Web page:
29 January 2008

Alice Ball

Architectural Record published a story about the Alice Ball House today on its website to coincide with the expiration of the demolition moratorium. It runs through the usual background and then makes a couple of worthwhile points that are obvious but not often mentioned, which allows me to make some inferences:

Given the resounding success of the Glass House’s public opening last summer—tours of Johnson’s compound are sold out almost a year in advance—and the increasingly mainstream appreciation of Modern architecture, the uncertain future of the Ball house surprises many observers. But Johnson scholar Hilary Lewis points out that other trends are at work.

“We’ve seen a resurgence of interest in Modern design, but there’s been a change in people’s attitude toward size,” Lewis explains. “Johnson’s houses are part of what makes New Canaan special, but they require a different kind of living. Philip [Johnson] was proof positive that you can live comfortably in less than 2,000 square feet.”

Size may indeed be part of the problem. The Alice Ball House has been on the market for six months, and while Parris notes that in the New Canaan market many houses take that long to sell, most buyers in the area are looking for “a five-bedroom Colonial.” With two bedrooms and tile floors, though, the Ball House isn’t exactly family friendly.

So here’s what I take from that:

 Modern houses are trophies, particularly in New Canaan (as I wrote here, on my other blog). http://thissphere.blogspot.com/2006/11/collecting-modern-houses-supply.html
 expensive houses, even in New Canaan, often take a long time to sell; the Alice Ball House has been on the market for less than a year.
 rich people with families want big houses; many of the houses near the Alice Ball House, on Oenoeke Ridge Road, are obscenely big; the Alice Ball House is less than 2,000 square feet; there are plenty of rich people with no families who could happily live in the Alice Ball House as a weekend place.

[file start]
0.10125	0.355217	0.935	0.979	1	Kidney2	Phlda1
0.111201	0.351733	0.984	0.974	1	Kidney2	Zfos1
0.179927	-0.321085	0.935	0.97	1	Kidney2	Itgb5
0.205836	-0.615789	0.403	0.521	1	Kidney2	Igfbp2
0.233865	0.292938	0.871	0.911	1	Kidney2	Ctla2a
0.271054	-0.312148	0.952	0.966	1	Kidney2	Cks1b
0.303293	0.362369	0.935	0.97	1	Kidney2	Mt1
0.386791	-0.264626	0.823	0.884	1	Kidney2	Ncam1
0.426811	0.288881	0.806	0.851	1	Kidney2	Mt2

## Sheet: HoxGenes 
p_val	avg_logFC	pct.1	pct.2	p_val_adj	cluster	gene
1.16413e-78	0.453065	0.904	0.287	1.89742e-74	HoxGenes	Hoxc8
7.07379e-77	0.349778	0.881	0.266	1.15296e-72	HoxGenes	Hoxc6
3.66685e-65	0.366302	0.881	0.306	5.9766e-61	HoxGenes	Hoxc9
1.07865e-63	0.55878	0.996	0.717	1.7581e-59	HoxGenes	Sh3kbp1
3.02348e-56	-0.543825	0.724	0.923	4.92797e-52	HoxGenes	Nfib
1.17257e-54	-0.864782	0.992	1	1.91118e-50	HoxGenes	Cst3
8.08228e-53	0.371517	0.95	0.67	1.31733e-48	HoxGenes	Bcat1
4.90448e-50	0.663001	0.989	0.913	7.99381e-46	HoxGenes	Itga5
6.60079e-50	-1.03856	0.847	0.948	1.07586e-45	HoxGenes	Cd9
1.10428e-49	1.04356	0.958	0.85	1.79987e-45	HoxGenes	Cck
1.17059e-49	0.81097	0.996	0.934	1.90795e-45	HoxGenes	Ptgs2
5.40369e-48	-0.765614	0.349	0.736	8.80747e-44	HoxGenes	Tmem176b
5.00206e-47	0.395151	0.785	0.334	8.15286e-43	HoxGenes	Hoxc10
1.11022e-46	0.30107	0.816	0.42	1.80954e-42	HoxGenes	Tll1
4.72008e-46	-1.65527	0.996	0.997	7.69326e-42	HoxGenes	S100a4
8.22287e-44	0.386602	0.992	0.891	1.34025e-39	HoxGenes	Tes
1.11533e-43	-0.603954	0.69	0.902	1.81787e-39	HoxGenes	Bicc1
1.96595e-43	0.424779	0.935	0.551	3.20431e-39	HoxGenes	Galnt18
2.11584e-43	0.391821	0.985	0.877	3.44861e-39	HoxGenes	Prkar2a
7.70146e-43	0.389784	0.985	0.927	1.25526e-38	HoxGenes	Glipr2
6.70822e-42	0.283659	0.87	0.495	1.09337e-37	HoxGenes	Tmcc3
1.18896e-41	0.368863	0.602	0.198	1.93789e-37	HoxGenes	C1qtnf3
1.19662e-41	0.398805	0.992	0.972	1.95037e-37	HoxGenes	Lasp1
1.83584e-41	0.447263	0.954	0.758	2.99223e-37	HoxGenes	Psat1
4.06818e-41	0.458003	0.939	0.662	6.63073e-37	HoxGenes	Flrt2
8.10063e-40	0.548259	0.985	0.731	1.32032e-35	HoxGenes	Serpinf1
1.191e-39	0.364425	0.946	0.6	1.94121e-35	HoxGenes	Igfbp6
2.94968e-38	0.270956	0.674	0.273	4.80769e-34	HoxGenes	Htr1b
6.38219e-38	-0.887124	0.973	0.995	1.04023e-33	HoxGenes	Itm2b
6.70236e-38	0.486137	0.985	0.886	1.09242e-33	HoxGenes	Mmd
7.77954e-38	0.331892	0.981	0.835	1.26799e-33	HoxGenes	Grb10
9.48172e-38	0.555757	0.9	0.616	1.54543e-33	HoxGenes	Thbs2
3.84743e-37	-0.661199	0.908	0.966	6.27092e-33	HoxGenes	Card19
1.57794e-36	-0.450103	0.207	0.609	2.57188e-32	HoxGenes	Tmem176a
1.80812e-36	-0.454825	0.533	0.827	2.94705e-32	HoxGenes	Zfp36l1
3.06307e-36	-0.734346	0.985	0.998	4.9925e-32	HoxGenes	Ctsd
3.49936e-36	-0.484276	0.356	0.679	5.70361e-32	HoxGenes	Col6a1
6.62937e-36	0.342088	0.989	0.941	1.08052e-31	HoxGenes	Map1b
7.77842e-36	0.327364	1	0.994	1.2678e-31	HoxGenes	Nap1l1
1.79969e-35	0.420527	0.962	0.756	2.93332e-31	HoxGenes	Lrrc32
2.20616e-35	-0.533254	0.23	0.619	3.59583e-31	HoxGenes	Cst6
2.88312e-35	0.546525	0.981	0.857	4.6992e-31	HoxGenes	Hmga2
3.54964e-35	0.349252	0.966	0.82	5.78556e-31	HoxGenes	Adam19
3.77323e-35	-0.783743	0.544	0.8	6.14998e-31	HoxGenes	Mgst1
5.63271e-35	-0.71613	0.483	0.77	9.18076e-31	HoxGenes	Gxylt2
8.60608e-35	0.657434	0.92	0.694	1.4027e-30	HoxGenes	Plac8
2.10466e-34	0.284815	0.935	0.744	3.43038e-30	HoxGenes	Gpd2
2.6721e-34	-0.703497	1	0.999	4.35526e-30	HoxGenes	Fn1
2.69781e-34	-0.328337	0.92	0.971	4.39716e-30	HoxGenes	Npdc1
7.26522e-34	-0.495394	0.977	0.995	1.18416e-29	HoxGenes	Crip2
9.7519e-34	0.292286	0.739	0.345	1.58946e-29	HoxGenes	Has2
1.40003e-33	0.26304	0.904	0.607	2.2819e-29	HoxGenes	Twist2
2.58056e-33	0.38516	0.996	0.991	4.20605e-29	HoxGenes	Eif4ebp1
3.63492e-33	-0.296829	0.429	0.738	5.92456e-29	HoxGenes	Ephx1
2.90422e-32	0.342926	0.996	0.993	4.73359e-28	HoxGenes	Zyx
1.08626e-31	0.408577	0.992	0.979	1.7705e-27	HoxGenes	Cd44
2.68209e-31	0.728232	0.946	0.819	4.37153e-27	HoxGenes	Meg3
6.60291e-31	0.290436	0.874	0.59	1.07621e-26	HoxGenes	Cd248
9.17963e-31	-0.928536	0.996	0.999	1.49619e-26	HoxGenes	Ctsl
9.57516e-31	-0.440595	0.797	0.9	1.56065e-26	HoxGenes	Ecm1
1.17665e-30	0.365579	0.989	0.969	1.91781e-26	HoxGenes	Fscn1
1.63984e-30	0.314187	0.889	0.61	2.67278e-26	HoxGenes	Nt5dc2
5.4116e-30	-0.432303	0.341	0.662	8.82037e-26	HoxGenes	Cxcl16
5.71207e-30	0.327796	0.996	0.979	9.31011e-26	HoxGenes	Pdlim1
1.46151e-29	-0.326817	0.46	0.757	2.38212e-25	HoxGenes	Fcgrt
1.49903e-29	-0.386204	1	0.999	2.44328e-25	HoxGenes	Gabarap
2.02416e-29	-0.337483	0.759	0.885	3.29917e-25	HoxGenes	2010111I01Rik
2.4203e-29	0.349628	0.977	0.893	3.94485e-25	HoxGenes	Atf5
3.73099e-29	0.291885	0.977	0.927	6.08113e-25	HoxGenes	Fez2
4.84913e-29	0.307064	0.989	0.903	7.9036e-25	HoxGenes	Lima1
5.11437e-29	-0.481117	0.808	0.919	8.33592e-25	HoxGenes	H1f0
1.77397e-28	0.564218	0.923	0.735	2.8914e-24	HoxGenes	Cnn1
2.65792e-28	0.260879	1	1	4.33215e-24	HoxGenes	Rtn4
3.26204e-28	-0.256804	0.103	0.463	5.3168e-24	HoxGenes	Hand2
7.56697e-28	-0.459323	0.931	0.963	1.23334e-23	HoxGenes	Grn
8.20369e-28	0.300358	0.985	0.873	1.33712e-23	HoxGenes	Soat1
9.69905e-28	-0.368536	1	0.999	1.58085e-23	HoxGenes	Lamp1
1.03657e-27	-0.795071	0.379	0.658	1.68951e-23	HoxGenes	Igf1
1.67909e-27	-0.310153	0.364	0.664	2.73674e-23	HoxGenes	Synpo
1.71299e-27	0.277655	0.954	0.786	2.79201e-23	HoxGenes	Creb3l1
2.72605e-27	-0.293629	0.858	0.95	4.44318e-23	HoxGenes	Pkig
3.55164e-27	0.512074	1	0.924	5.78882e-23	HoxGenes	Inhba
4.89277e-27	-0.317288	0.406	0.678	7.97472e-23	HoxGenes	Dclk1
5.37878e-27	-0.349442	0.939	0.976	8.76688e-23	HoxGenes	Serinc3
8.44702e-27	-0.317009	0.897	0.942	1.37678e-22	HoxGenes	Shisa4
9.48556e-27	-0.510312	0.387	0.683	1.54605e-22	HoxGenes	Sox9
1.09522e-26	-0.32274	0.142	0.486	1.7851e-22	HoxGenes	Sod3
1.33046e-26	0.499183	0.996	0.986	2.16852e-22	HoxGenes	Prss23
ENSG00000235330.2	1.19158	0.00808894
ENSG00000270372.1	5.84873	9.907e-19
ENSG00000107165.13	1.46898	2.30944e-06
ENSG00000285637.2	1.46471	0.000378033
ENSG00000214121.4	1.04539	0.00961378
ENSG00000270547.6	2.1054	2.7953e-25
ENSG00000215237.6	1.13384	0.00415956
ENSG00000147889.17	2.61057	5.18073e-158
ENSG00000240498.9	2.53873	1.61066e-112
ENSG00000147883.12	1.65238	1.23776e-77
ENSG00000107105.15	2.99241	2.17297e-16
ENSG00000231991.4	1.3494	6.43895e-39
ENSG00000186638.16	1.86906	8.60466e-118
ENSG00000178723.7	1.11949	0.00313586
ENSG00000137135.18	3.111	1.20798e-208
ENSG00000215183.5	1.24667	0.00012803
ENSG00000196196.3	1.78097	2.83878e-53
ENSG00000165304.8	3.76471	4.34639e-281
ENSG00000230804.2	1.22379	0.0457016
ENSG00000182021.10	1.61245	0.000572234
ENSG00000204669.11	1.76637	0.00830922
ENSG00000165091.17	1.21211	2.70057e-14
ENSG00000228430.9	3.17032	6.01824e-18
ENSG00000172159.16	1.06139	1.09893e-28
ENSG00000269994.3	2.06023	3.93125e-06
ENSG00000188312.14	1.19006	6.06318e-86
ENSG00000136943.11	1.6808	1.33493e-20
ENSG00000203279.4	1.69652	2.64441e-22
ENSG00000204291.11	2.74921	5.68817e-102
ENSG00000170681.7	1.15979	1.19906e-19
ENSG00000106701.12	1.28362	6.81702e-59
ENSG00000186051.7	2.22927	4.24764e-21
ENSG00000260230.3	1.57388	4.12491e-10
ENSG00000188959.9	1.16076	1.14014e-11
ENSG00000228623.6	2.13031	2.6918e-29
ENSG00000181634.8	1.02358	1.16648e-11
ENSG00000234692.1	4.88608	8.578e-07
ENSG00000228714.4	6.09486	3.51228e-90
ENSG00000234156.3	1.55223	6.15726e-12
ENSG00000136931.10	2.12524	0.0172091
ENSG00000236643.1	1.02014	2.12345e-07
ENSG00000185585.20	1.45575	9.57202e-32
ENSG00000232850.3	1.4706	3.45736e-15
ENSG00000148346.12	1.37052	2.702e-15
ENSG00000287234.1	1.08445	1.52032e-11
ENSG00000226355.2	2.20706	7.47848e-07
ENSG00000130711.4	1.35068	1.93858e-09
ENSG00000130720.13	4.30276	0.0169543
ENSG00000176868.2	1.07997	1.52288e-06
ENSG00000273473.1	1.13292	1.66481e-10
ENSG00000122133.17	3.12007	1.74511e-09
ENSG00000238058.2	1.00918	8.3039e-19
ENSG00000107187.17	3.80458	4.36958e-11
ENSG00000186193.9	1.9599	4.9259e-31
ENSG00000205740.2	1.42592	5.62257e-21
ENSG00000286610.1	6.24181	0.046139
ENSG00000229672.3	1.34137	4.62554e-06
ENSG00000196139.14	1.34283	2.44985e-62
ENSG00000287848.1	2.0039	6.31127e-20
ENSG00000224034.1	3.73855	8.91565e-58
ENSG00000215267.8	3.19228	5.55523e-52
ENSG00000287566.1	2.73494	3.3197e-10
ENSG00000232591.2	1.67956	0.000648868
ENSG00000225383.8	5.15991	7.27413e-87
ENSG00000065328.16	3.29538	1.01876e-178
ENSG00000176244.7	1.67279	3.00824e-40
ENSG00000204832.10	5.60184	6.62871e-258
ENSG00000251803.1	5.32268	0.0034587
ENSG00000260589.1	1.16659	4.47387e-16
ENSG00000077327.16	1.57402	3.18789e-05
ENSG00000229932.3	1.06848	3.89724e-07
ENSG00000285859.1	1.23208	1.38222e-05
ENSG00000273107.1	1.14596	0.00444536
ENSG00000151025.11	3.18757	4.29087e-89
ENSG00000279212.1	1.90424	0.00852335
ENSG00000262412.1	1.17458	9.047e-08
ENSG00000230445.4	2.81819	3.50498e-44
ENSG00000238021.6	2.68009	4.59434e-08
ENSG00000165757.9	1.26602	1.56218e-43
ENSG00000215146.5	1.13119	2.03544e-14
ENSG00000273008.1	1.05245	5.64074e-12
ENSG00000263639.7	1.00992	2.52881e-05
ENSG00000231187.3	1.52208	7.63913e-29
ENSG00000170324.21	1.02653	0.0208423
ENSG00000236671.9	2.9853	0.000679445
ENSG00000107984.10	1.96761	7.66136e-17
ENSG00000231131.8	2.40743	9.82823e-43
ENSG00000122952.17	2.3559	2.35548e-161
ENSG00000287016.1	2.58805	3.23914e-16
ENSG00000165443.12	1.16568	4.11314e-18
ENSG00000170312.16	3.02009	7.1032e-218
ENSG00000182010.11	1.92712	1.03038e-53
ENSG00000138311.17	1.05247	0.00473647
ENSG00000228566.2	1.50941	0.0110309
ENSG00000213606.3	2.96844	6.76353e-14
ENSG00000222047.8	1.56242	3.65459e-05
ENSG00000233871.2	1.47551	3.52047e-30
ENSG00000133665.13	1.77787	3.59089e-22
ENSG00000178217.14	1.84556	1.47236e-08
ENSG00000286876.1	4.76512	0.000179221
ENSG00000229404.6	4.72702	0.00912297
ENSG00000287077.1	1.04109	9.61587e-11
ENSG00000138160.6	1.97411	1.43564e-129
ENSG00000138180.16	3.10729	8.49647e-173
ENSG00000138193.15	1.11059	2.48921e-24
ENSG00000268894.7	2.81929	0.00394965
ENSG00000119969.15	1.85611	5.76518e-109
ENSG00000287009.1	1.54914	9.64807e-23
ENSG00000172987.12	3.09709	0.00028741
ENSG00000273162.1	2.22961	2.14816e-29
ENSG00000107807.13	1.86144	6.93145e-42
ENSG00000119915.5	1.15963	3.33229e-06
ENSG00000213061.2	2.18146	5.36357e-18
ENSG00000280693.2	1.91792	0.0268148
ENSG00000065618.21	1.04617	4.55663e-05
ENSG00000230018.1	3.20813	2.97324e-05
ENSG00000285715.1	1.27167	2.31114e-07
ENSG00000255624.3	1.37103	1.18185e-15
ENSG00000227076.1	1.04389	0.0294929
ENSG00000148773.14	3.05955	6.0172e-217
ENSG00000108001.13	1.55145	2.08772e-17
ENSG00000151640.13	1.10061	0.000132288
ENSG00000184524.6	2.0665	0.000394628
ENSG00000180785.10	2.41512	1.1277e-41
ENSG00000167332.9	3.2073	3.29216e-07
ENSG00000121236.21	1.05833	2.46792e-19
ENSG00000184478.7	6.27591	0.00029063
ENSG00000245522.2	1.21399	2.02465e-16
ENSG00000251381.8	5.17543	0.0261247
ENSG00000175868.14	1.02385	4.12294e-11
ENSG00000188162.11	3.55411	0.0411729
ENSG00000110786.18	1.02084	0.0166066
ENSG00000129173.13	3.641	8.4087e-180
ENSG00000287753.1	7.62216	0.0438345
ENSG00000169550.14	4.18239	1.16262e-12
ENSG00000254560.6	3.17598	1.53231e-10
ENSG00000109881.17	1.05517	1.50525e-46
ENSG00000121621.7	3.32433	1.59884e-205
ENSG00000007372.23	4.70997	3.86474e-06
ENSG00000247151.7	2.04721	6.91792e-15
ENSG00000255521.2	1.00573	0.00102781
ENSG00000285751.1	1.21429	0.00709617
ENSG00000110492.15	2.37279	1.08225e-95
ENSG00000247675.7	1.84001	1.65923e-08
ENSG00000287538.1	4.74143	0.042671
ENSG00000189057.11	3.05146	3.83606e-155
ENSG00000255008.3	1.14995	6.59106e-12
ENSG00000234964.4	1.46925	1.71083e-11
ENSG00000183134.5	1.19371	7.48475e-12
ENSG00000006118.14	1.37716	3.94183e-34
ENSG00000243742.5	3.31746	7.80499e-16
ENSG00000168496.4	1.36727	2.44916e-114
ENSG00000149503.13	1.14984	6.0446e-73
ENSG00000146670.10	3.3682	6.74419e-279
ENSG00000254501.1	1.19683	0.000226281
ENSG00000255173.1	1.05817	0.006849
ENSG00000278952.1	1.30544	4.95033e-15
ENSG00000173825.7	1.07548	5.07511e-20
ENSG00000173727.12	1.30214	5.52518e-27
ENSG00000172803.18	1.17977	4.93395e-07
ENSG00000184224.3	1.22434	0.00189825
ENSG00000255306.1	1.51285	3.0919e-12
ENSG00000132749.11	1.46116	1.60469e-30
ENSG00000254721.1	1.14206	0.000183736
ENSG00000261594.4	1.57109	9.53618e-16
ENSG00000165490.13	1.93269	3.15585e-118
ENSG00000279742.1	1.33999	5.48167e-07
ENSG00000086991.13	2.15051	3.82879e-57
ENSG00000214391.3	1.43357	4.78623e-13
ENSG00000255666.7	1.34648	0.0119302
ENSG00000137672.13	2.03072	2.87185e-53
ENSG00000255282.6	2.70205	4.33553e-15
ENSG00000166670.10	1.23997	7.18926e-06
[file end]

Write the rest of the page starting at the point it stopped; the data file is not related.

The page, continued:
And then there’s this:

According to Stover Jenkins, the author of The Houses of Philip Johnson, Johnson’s design for Alice Ball, a single woman in the conservative 1950s, was influenced by Mies Van der Rohe’s unbuilt Resor House. It features 10-foot ceilings, glass-enclosed living areas, and private bedroom and service areas.

“It’s a very rationalist house,” Jenkins says, adding that that its massing and siting give the composition the feeling of a romantic garden villa. “It’s not one of Johnson’s masterpieces, but it’s part of a collection of houses he designed in New Canaan. That collection is unique. When you start demolishing parts of a group, it’s like taking apart a community.”


 it’s a nice house but it’s not a great beauty.
 We tend to think of modern houses, or any notable works of architecture, as public cultural assets, and destroying them is an affront; but houses are owned by private individuals; few private individuals who buy a house would welcome the responsibility of owning something that is part of a unique collection of houses; it’s extremely unrealistic to expect any individual to be responsible for holding together a whole community of architecturally notable works.
 The obvious exception to that last point is a situation where the “community” is a historic district, with standards for renovation and external (or even internal) changes; there are scores and scores of these – Providence, Nantucket, Old Harbor on Block Island, even the hamlet of Pound Ridge, in my town – but I don’t know of any historic districts that encompass modern houses.
 Attitudes about modern houses are changing in New Canaan but it’s still virtually impossible to imagine the town creating a historic district of modern houses, of which there are about 80 still standing.
 But the town isn’t the only entity capable of creating a historic district, and maybe isn’t even the best; private groups are trying to do it (here) but this Philip Johnson Glass House webpage, which explains the project, doesn’t seem to have been updated for at least seven months.

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